A Morning Menu of LAF-Style Food News and Stories to Begin Your Day
HAPPY NATIONAL CHOCOLATE SOUFFLE DAY!
5 America’s Classics Named for 2015
The five winners of the annual America’s Classic Award were just named by the James Beard Foundation. They are Archie Waeside of Le Mars, Iowa (“a citadel of American beef cookery”), the Beaumont Inn of Harrodsburg, Kentucky (“serves Kentucky products with pride”), Guelaguetza of Los Angeles (“soulful Oaxacan food”), Sally Bell’s Kitchen of Richmond, Virginia (boxed lunches that “taste like someone’s grandmother made them”), and Sevilla Restaurant of NYC (“regulars flock for shrimp with green sauce, mariscada with hot garlic sauce, veal chops, and pitchers of sangria”). The awards are given to those restaurants that have “timeless appeal and are beloved for quality food that reflects the character of their community.” Congratulations all!
Two New Boston-Area Shake Shacks Opening Next Week
The third and fourth Boston-area Shake Shacks will be open next week. On Sunday, Shake Shack will open in the town of Dedham, southwest of Boston, at Legacy Place. That’ll be followed on Monday by a new Shack at 234-236 Newbury Street in Boston. The plan is to open ten Shake Shacks a year in the U.S., with an eventual goal of reaching 450 total Shake Shacks. Our elementary school math tells us that would take 40 years, so they must intend to eventually pick up the pace.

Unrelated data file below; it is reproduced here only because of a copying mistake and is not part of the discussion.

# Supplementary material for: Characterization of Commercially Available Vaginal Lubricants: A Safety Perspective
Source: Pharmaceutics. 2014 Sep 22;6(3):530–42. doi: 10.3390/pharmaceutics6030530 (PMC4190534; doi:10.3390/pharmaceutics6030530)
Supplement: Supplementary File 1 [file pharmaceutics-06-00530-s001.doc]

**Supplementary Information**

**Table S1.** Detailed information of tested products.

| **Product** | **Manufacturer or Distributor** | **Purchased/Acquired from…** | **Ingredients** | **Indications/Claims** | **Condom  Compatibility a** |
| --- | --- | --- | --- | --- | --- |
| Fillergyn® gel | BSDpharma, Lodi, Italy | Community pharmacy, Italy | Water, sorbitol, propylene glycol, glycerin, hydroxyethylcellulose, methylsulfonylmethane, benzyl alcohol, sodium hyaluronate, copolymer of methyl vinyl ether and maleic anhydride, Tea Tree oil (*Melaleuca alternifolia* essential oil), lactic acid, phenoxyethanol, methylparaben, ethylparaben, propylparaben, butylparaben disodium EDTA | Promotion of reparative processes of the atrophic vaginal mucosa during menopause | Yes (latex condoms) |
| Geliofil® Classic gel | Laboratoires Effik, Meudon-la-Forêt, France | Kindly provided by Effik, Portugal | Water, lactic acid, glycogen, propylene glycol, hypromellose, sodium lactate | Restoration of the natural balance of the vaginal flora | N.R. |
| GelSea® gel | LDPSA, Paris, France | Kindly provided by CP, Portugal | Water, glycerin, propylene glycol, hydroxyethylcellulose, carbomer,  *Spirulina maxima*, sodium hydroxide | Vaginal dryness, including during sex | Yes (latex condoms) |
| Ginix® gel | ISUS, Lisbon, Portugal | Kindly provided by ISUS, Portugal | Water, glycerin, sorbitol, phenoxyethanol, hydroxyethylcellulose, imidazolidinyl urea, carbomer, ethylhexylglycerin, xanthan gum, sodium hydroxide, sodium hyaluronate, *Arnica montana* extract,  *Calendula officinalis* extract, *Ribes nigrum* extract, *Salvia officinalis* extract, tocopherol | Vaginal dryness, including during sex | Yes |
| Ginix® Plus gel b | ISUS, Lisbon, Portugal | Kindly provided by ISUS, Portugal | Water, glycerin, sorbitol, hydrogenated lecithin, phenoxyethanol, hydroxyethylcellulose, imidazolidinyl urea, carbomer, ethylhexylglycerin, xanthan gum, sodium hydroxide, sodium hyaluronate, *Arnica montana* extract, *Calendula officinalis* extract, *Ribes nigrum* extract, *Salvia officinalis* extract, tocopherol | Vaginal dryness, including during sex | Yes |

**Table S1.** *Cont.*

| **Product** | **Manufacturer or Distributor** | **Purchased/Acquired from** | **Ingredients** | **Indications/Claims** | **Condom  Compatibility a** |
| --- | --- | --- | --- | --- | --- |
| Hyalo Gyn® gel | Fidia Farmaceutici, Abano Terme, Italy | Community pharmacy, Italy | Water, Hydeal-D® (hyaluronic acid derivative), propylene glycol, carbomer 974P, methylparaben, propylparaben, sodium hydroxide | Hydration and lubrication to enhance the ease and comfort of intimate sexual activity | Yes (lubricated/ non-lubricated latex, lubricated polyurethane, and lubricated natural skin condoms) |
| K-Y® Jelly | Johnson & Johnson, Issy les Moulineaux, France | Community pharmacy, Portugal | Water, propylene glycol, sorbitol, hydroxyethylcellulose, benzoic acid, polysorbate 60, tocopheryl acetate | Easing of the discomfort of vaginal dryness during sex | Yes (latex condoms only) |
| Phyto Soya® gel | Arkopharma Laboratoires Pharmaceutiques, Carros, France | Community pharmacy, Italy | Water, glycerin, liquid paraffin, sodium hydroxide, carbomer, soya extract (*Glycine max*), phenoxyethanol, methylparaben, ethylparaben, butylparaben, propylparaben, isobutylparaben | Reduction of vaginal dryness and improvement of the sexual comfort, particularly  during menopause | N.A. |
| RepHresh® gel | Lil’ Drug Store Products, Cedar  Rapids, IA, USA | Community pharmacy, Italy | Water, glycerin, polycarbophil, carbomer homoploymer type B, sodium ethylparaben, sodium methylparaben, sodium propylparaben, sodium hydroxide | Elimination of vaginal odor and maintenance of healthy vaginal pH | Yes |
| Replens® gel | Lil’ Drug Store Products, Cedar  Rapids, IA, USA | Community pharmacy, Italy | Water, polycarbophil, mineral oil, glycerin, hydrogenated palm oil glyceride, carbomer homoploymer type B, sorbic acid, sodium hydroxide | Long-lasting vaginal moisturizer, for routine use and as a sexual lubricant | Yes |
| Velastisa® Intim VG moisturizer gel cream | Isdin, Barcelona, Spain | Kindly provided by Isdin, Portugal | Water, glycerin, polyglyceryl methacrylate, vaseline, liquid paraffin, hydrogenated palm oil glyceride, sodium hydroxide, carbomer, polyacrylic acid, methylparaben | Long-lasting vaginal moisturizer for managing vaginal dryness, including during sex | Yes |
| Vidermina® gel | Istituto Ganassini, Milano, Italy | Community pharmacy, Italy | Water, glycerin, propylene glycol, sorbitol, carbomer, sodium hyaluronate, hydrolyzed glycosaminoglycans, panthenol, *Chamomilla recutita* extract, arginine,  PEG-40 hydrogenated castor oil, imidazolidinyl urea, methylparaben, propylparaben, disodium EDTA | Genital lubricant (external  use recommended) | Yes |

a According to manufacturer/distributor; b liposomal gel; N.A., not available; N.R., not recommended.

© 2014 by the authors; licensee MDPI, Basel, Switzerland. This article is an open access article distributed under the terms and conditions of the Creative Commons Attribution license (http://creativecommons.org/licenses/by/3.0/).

KC Star Reviews Snead’s in Belton
Bill Snead built the brick pit and opened for business in the fall of 1956. He used 100% hickory in that pit, turning out superb versions of ribs, brisket, pulled pork, and, perhaps most notably of all, luscious brownies, i.e., burnt ends. Bill Snead passed away in 1994 but the barbecue joint continues on under owner Sherry Siscoe. Ardie A. Davis writes about Snead’s for the Kansas City Star. He notes the meats are lightly smoke-seasoned, and all delicious, the fries are hand-cut, and the house sauce goes well with the pork.
Secret to Getting a No-Wait Seat at Al’s Breakfast of MPLS
As all fans of Al’s Breakfast of Minneapolis know, getting a seat at the minuscule eatery is not an easy proposition. There are 14 stools at the counter and it’s extremely popular. Vita.mn, a guide to the Twin Cities, has disclosed a little known secret about Al’s: get a bunch of your friends together to rent the place before it opens or after it closes for $150 plus the cost of your food. If you can put together a full house of 14 that comes to about $11 a head for the privilege of having the place to yourself and not waiting in line.